Japan’s “Tear Teacher” Preaches the Benefits of Crying as a Way to Relieve Stress

Hidefumi Yoshida, a self-described ‘tear teacher’, encourages people to shed a few tears every once in a while as a way to relieve stress and lead a happier life.

Japanese are among the least likely of all nationalities to cry, and some would go as far as to say that there is a stigma surrounding crying in the Asian country. But according to Hidefumi Yoshida, a man who has dedicated the last eight years of his life to bringing people to people’s eyes, Japanese people originally had a predisposition to cry easily, but that all changed to the point where children and adults alike are discouraged from crying and they end up becoming closed off. Yoshida has been trying to change this perception, by educating people on the benefits of crying as a way of relaxing and combating stress. He claims to have helped over 50,000 people shed tears over the last seven and a half years.

Photo: Aliyah Jamous/Unsplash

Former high school teacher Hidefumi Yoshida, who calls himself a ‘namida sensei’ (‘tear teacher‘), refers to his crying-inducing technique as “rui-katsu”, which roughly translates as “tear seeking”. He organizes regular workshops and lectures across Japan, teaching people the benefits of shedding even a single tear a week, and helping them do it.

“If you cry once a week, you can live a stress-free life,” Yoshida told the Japan Times. “The act of crying is more effective than laughing or sleeping in reducing stress.”

The 45-year-old explains that crying brings huge benefits to your mental health by stimulating parasympathetic nerve activity, which slows the heart rate and has a soothing effect on the mind. The harder you cry the better you feel. Wailing is ideal, but even a single shed tear can do wonders for your health and general well-being. But it’s important to shed that one tear, as simply tearing up isn’t enough, the tear teacher claims.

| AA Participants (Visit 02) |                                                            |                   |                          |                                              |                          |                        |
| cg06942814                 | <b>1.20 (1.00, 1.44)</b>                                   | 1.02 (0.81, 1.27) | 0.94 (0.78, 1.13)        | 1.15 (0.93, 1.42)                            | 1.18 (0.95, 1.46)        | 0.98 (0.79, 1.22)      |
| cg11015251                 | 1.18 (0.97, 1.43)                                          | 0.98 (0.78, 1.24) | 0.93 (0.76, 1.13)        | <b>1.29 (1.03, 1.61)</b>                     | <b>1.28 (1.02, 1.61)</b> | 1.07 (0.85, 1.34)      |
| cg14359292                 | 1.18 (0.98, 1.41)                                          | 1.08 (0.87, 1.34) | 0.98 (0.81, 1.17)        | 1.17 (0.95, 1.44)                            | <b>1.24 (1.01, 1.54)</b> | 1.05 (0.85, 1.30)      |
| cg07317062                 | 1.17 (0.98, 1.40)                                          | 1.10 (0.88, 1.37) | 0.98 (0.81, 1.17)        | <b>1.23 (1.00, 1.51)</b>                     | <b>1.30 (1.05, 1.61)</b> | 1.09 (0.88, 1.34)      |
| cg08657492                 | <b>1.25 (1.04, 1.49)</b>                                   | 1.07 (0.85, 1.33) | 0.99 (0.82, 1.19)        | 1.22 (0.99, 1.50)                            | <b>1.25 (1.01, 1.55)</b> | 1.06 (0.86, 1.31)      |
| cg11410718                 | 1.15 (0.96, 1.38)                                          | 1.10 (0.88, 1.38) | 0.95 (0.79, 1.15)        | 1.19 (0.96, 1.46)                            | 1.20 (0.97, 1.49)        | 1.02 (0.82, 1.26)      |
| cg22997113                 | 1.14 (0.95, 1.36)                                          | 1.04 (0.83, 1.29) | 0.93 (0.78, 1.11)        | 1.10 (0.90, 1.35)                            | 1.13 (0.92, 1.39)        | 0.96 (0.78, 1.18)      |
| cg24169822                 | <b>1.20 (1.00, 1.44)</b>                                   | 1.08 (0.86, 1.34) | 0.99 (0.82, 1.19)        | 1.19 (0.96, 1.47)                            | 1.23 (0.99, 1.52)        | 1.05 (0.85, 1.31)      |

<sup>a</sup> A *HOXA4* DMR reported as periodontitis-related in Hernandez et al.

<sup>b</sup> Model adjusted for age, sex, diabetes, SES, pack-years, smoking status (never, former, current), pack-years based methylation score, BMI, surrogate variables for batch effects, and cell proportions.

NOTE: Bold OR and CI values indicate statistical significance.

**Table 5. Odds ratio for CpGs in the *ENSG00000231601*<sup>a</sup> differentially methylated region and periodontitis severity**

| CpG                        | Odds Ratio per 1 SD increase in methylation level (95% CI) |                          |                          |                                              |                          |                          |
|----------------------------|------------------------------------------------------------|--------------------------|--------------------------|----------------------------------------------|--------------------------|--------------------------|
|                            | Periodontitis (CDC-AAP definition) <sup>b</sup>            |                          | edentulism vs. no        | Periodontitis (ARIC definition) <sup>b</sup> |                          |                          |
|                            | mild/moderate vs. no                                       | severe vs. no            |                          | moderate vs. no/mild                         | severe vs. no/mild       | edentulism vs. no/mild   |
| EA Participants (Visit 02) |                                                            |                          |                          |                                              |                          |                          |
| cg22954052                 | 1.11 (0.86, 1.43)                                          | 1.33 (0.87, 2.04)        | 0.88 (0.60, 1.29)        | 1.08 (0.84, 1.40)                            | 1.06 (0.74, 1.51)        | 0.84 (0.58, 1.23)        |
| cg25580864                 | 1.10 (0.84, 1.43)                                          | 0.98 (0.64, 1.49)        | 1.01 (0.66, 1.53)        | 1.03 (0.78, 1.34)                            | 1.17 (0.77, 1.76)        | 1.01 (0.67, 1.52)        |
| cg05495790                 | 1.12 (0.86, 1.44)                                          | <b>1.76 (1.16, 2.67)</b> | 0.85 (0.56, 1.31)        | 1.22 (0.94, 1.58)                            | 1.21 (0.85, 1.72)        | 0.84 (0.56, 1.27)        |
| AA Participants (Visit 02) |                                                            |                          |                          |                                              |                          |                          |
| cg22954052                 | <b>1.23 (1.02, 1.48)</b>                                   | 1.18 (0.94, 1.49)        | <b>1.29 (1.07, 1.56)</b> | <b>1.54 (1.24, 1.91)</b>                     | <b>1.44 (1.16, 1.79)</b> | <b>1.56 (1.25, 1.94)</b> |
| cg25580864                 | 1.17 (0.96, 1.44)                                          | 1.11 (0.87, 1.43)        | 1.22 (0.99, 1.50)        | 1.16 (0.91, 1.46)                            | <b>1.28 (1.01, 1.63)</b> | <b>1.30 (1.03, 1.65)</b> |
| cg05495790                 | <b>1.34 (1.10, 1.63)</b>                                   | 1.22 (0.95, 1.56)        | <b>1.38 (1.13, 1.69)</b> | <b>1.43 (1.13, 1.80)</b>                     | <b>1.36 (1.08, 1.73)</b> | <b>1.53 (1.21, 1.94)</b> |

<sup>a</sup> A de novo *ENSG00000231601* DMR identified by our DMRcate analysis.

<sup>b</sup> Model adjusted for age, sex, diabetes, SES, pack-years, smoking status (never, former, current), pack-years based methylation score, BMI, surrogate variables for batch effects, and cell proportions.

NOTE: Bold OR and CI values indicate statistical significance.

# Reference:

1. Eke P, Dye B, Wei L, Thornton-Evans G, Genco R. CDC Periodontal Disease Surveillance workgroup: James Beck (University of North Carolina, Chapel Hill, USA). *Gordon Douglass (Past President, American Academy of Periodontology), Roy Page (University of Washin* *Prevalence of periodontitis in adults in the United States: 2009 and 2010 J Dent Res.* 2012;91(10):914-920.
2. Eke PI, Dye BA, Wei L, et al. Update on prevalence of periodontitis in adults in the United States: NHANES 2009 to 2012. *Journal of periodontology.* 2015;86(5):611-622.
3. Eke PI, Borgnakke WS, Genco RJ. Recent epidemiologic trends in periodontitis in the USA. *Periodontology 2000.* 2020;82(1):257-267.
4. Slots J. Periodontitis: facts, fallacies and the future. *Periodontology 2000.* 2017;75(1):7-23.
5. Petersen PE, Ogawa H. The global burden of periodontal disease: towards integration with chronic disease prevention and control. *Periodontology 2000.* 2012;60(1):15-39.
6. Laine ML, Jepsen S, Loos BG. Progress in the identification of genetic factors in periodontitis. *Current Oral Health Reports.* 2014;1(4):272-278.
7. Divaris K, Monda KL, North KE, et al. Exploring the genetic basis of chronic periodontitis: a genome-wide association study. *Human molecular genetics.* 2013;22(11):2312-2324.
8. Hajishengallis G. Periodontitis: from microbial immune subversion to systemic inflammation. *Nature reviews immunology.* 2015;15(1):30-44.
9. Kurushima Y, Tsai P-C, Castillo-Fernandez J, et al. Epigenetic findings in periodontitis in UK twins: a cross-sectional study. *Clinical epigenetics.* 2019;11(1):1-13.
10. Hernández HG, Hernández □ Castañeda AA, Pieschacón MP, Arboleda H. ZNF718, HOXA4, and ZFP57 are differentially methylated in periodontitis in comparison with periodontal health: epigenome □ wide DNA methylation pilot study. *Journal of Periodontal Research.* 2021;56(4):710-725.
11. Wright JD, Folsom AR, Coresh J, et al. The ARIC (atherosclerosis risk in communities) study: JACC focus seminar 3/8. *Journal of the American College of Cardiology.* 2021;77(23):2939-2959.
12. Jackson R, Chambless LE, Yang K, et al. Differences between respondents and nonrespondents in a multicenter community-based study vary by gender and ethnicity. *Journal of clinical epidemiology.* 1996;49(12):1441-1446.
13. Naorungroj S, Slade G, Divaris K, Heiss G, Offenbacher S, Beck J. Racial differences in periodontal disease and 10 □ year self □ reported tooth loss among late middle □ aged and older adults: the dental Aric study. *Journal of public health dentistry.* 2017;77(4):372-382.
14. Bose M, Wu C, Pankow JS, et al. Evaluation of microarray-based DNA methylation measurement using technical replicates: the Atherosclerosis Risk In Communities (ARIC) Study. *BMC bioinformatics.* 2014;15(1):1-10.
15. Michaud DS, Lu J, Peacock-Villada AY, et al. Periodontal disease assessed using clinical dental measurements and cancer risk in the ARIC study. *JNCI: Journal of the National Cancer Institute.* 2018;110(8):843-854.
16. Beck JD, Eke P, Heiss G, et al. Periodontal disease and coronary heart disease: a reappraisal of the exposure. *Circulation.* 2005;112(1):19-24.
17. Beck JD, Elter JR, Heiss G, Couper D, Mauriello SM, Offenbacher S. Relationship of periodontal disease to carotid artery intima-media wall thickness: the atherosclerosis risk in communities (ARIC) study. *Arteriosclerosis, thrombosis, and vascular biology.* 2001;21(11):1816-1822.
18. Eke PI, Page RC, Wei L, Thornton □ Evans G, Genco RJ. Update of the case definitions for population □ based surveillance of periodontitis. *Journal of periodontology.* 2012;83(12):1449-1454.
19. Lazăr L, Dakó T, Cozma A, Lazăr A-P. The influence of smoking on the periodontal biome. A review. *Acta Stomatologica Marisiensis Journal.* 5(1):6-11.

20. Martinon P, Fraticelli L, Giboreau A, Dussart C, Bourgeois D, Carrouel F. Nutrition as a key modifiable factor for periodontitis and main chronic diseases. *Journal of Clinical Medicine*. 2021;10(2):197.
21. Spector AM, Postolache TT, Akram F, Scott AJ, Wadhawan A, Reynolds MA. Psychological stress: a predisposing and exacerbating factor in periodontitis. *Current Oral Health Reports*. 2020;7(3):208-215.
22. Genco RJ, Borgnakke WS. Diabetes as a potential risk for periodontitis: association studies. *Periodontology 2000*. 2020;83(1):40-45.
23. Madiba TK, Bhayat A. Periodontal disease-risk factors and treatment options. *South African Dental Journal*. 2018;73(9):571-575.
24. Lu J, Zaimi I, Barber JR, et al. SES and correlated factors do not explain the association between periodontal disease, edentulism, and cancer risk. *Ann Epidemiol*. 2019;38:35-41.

The type of tears one sheds is also important, Hidefumi Yoshida explains. The ones caused by brief emotional experiences, like watching a drama or a romantic movie, reading a tear-jerking book or listening to a powerful song, are the best type. Grief-caused crying is very different. It forces a lasting sorrow onto us, and that can has negative consequences.

Hidefumi Yoshida has been preaching the benefits of crying for almost eight years, but his tear teaching career really picked up in 2015, when Japan introduced a mandatory stress-check program for companies with 50 or more employees. Since then, he has been struggling to keep up with requests from companies and other entities to give lectures and use his rui-katsu to help people relieve stress.

“My job is to make people feel refreshed through crying,” Yoshida recently told the BBC. “I have brought nearly 50,000 people to tears in the last seven and a half years. I use films, children’s books and letters to make people cry. I use films with different themes, such as family, animals, athletes or nature. Some people cry from just watching beautiful scenes of nature.


“I was not sure if I could actually cry,” one rui-katsu participant said. “I was surprised to have found myself filled with emotions and cry to the point where it hurts. Afterwards I felt refreshed, as if I took a bath.